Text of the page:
The Great Flood*
Text and photos © 2010-2012 Ron Cohen. All rights reserved.
Posted March 2011. Revised March 2012.

Left: Scene of flooding from my window, March 15, 2010, 6:17 pm.

Below: View upstream from the Windsor Village culvert, March 15, 2010, 4:09 pm.

These photos, and the slideshow below, remind us not only of nature’s raw power, but also what can happen when the drainage system of our beloved Hardy Pond is neglected.

Run-up. A few months before the two great floods of March 2010, we learned that the Windsor Village culvert — located on Chester Brook, the discharge channel for Hardy Pond — had partially collapsed, reducing its flow capacity by half. City officials resisted calls for emergency steps. In these photos, you can see the result.

Flooding. The photo below shows a swollen Chester Brook just upstream of the defective Windsor Village culvert at the height of the first, and greater of the two floods. The stream nearly filled its deep channel all the way back to Hardy Pond. As best as I could judge, the water outside my window (top photo) was at about the same level. There can be no doubt that the collapsed culvert caused shoreline flooding on a much greater scale than otherwise would have been the case.

Lessons Learned. A similar flood threat now is posed by Chester Brook itself. The first quarter-mile leg of the channel has become fully silted up — almost certainly due to the 2010 floods — and has lost much of its flow capacity. It badly needs cleaning, as an outside engineering study (pdf) recommended early in 2011. A year after the report, little or nothing had been done.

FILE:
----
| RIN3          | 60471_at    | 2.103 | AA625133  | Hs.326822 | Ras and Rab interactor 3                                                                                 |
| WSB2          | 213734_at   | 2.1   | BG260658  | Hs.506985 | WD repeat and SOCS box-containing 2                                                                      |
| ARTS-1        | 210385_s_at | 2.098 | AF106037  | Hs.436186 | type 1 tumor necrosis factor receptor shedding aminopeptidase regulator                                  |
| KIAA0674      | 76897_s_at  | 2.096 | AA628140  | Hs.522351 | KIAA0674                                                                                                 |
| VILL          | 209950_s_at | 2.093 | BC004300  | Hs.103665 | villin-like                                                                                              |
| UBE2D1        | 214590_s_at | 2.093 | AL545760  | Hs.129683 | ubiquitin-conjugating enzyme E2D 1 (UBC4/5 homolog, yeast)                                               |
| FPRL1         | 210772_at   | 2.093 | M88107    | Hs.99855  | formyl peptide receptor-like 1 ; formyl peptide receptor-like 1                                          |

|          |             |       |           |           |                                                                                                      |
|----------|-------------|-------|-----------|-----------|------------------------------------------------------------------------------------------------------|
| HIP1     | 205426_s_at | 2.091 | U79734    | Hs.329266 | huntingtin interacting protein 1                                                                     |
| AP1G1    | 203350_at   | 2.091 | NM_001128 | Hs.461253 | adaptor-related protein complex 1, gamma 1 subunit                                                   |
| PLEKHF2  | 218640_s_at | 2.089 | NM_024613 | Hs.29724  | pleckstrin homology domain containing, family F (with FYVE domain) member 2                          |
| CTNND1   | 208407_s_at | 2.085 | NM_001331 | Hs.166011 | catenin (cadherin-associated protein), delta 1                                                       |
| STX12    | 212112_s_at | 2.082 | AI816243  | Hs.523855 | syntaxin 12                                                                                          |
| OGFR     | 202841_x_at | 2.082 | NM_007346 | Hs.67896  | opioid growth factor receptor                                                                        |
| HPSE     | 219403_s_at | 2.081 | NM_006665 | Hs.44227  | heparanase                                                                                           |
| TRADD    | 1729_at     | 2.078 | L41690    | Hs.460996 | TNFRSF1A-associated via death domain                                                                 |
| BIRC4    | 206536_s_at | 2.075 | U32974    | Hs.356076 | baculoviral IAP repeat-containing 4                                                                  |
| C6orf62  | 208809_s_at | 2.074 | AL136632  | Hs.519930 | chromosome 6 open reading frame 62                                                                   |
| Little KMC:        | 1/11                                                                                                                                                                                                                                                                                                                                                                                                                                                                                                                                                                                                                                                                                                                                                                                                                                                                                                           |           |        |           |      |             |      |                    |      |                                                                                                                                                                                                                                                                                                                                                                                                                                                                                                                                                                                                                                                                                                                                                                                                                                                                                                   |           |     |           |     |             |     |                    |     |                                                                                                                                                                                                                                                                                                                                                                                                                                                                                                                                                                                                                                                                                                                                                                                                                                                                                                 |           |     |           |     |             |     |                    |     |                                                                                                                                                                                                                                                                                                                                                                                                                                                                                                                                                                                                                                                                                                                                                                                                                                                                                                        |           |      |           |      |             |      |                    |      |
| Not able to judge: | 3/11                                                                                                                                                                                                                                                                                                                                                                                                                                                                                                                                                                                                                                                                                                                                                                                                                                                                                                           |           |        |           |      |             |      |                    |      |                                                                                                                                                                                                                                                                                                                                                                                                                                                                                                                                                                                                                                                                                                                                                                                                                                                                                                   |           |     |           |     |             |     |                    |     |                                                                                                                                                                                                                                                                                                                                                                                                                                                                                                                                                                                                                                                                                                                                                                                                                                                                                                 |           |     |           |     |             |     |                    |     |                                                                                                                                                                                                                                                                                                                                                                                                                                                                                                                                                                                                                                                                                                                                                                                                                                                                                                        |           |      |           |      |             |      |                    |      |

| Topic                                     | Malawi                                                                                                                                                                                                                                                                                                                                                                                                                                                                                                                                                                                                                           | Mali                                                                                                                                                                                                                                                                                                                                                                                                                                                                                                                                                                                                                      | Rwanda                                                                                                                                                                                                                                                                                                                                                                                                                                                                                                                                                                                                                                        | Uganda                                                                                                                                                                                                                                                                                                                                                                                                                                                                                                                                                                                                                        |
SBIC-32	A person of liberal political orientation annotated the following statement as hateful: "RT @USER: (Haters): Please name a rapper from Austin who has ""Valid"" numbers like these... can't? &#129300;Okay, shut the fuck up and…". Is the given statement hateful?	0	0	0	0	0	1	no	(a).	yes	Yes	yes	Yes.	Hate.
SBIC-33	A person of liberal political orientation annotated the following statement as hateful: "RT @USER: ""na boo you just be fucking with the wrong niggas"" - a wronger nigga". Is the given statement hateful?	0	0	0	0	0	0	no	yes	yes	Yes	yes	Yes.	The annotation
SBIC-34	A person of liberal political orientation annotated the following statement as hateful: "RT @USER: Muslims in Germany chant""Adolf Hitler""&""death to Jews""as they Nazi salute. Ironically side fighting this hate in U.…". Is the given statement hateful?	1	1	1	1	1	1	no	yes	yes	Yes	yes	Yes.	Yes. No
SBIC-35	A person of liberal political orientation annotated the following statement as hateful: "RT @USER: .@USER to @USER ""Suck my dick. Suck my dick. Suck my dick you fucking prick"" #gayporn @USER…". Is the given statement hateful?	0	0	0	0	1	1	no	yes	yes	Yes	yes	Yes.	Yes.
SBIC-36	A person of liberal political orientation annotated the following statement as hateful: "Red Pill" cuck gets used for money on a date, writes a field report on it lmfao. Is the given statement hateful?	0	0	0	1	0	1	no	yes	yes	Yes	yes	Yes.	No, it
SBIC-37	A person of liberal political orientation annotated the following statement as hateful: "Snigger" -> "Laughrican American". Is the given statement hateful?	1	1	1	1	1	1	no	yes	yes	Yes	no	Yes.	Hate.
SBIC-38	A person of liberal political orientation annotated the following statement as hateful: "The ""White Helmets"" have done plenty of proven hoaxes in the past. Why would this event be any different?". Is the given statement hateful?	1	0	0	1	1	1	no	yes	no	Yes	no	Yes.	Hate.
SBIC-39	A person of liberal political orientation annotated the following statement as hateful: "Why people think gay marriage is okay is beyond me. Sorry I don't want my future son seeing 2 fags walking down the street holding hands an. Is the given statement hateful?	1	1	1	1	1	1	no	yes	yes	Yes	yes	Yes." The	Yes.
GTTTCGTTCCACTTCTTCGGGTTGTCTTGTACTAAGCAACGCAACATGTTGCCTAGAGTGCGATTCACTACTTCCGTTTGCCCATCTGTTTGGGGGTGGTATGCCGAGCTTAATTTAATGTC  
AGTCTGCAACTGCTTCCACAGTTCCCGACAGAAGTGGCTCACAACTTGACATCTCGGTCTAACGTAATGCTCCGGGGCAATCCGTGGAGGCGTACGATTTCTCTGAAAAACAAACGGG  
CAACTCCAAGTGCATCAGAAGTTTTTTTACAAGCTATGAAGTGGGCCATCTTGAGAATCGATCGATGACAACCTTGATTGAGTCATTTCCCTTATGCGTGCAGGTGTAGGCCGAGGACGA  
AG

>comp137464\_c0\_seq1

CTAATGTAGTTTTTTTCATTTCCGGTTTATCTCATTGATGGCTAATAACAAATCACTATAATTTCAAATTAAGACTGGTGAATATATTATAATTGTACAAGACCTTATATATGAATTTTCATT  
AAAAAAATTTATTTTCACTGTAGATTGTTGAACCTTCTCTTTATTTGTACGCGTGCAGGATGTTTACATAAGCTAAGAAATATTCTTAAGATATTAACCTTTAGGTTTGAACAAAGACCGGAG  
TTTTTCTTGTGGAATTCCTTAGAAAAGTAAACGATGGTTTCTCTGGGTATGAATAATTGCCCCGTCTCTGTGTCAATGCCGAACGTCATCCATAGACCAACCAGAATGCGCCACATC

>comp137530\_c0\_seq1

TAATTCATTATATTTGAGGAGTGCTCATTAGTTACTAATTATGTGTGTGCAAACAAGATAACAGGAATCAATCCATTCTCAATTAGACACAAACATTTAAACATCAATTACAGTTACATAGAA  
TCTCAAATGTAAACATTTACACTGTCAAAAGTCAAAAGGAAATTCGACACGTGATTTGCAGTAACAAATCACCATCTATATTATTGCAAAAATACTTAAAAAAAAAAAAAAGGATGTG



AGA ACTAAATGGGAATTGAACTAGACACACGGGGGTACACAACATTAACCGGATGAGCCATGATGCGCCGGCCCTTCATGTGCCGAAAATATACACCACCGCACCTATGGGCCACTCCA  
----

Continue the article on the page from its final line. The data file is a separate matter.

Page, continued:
Related Issues. Flood prevention will be a high priority, of course, for those who live around the pond and saw their homes threatened in 2010. But there’s another, compelling reason to maintain proper drainage: it promotes a healthy pond ecosystem. By flushing away decaying organic matter, for example, it helps prevent oxygen depletion. It also draws off road salt and lawn chemicals that wash into the pond, as well as airborne pollutants that dissolve in the water.

Photographs. Both floods were “100-year,” and occurred on March 15-18th and March 30-31st, respectively. Most of the photos shown here are of the first and worse of the two, “The Great Flood.”

During that first flood, I stuck close to home, because of the difficulty of getting around in the torrential rain on the first day, and then worry about the rising water in my basement after that. The events unfolding outside my window and at the nearby Windsor Village culvert were drama enough for me. By the time the second flood came around, my enthusiasm for flood photos had vanished.

See related posts: High Water*, High Water II*, High Water III, Dead Fish*, and Mono Lake*.

Photos above: Click an image to enlarge it, and browser’s back arrow to close.

Slide show below: Click thumbnails or use keyboard arrows to view slides on this page. Click any image to open full-screen slide show, then use keyboard arrows to navigate, and “Esc” key to return.

The following slide show is under construction; more photos will be added:

[portfolio_slideshow centered=true speed=1500 width=640 click=fullscreen]

 

One Response to The Great Flood

  1. Lois Rosenfield says:

    A picture (or two) is worth a thousand words…..yours….worth more than that!

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